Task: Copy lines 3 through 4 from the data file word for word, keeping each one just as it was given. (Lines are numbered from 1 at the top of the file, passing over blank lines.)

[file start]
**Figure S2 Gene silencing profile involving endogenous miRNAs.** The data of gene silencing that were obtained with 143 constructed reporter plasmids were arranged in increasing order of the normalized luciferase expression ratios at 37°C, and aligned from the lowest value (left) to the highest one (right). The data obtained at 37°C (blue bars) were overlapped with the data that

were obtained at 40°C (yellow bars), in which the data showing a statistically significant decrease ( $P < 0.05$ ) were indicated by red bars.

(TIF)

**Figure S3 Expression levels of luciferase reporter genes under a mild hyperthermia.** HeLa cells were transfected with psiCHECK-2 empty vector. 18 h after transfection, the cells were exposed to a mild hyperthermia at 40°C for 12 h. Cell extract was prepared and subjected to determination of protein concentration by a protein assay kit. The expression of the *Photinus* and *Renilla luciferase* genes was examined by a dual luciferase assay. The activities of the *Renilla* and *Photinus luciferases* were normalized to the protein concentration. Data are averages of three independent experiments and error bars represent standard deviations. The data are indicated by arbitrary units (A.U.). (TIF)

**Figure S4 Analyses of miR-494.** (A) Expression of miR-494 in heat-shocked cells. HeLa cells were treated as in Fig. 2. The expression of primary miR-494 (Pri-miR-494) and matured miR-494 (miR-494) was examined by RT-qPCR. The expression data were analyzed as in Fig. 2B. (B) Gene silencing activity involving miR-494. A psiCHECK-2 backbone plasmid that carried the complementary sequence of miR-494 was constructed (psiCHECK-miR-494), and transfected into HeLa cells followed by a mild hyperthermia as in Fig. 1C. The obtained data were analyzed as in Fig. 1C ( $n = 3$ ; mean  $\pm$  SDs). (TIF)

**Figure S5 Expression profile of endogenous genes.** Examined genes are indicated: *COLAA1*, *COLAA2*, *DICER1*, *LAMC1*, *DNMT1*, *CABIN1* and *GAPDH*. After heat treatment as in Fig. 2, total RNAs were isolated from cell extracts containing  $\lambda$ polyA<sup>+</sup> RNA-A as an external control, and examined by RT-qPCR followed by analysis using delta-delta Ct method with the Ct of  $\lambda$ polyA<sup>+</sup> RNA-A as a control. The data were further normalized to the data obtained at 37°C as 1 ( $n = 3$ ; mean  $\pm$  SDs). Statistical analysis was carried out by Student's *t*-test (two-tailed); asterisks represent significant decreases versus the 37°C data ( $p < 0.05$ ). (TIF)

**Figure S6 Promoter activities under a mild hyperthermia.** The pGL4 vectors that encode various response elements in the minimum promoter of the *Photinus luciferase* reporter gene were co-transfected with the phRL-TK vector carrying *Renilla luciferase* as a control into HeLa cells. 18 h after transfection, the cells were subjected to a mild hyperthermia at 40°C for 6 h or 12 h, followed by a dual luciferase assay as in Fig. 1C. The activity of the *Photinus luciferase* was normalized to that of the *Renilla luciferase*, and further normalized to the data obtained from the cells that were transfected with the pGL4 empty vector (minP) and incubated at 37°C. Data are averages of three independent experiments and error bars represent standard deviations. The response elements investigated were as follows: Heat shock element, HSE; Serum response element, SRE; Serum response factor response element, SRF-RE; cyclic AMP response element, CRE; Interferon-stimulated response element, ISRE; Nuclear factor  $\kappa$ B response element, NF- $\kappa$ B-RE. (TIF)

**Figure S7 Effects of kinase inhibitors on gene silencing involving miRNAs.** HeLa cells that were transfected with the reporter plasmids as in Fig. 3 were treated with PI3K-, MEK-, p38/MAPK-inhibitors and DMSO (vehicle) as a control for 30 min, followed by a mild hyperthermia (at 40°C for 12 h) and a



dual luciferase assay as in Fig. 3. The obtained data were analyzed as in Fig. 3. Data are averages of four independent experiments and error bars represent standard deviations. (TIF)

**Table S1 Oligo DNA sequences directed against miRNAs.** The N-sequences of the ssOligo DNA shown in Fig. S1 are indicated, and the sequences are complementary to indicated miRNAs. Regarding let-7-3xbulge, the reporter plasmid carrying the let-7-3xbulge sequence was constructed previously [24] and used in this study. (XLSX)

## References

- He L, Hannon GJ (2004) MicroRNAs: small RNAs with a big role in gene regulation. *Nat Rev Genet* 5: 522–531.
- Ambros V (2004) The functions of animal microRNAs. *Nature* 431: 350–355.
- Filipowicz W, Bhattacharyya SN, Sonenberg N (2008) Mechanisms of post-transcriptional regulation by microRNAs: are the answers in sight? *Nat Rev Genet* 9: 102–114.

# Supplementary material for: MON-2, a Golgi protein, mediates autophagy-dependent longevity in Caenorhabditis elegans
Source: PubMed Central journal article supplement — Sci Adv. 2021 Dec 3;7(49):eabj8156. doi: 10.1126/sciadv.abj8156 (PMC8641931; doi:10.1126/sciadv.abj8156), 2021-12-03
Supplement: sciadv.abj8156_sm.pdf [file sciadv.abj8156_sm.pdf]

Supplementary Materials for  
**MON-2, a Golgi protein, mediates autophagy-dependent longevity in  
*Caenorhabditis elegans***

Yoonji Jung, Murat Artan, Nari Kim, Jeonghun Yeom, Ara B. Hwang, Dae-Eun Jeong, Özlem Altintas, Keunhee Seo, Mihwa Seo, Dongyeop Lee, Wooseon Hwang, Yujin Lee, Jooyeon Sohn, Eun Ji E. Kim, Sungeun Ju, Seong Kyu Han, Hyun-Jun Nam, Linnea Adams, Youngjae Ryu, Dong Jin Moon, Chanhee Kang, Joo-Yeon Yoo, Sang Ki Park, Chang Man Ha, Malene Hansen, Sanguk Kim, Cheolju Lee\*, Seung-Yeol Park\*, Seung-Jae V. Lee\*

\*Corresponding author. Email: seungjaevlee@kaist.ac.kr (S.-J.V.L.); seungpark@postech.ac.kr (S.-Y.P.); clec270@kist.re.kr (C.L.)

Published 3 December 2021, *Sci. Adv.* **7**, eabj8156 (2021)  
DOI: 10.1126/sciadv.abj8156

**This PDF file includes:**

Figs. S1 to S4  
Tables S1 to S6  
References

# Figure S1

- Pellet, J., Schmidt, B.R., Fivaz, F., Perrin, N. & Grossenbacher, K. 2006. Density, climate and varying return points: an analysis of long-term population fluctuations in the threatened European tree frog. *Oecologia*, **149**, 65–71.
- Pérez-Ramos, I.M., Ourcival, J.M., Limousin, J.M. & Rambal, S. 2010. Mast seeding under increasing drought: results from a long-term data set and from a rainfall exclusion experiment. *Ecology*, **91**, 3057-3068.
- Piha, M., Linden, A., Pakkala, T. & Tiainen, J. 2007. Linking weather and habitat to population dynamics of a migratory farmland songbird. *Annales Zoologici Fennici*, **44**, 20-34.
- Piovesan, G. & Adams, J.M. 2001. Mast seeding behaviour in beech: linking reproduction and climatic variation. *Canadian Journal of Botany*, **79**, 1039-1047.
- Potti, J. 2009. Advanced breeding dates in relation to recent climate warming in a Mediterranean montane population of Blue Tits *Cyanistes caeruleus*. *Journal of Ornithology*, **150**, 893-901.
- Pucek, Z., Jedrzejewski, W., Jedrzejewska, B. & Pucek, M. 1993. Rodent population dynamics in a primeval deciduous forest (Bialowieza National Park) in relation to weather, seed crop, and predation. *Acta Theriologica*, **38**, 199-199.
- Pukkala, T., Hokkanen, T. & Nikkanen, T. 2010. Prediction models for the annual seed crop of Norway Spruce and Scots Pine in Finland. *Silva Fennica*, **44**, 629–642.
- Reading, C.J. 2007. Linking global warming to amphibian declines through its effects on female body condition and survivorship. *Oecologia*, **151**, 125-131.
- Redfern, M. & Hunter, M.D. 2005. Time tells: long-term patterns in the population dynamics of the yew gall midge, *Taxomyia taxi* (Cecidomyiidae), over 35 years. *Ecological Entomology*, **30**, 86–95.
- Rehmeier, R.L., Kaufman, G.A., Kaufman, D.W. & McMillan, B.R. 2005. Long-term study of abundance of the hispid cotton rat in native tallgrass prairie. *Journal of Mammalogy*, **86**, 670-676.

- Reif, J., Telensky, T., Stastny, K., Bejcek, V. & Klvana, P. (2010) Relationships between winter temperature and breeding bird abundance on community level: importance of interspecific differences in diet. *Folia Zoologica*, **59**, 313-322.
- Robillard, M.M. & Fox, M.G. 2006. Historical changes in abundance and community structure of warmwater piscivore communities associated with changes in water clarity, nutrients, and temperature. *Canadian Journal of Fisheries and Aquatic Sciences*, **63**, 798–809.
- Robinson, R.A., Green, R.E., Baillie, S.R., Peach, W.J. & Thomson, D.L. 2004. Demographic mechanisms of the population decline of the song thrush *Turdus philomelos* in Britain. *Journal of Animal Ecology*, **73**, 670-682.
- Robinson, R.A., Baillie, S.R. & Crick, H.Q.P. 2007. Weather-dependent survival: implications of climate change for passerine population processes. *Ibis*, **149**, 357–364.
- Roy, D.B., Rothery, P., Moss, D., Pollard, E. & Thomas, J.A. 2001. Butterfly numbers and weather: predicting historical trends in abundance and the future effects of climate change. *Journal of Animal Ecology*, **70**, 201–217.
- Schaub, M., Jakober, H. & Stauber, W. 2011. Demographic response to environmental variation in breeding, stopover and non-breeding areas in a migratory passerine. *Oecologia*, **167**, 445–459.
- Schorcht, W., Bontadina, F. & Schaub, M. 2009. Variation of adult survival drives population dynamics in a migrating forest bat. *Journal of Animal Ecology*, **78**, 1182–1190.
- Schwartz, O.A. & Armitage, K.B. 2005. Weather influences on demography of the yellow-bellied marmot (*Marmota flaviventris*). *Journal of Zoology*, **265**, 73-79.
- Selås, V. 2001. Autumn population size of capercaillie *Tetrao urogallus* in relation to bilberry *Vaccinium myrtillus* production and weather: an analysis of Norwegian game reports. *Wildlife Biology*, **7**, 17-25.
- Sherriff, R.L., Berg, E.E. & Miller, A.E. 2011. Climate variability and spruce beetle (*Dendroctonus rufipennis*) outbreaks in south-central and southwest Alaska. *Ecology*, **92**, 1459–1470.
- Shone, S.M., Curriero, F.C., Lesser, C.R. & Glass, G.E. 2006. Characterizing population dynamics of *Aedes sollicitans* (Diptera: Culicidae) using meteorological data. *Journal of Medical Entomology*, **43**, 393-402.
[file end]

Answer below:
(TIF)

**Figure S3 Expression levels of luciferase reporter genes under a mild hyperthermia.** HeLa cells were transfected with psiCHECK-2 empty vector. 18 h after transfection, the cells were exposed to a mild hyperthermia at 40°C for 12 h. Cell extract was prepared and subjected to determination of protein concentration by a protein assay kit. The expression of the *Photinus* and *Renilla luciferase* genes was examined by a dual luciferase assay. The activities of the *Renilla* and *Photinus luciferases* were normalized to the protein concentration. Data are averages of three independent experiments and error bars represent standard deviations. The data are indicated by arbitrary units (A.U.). (TIF)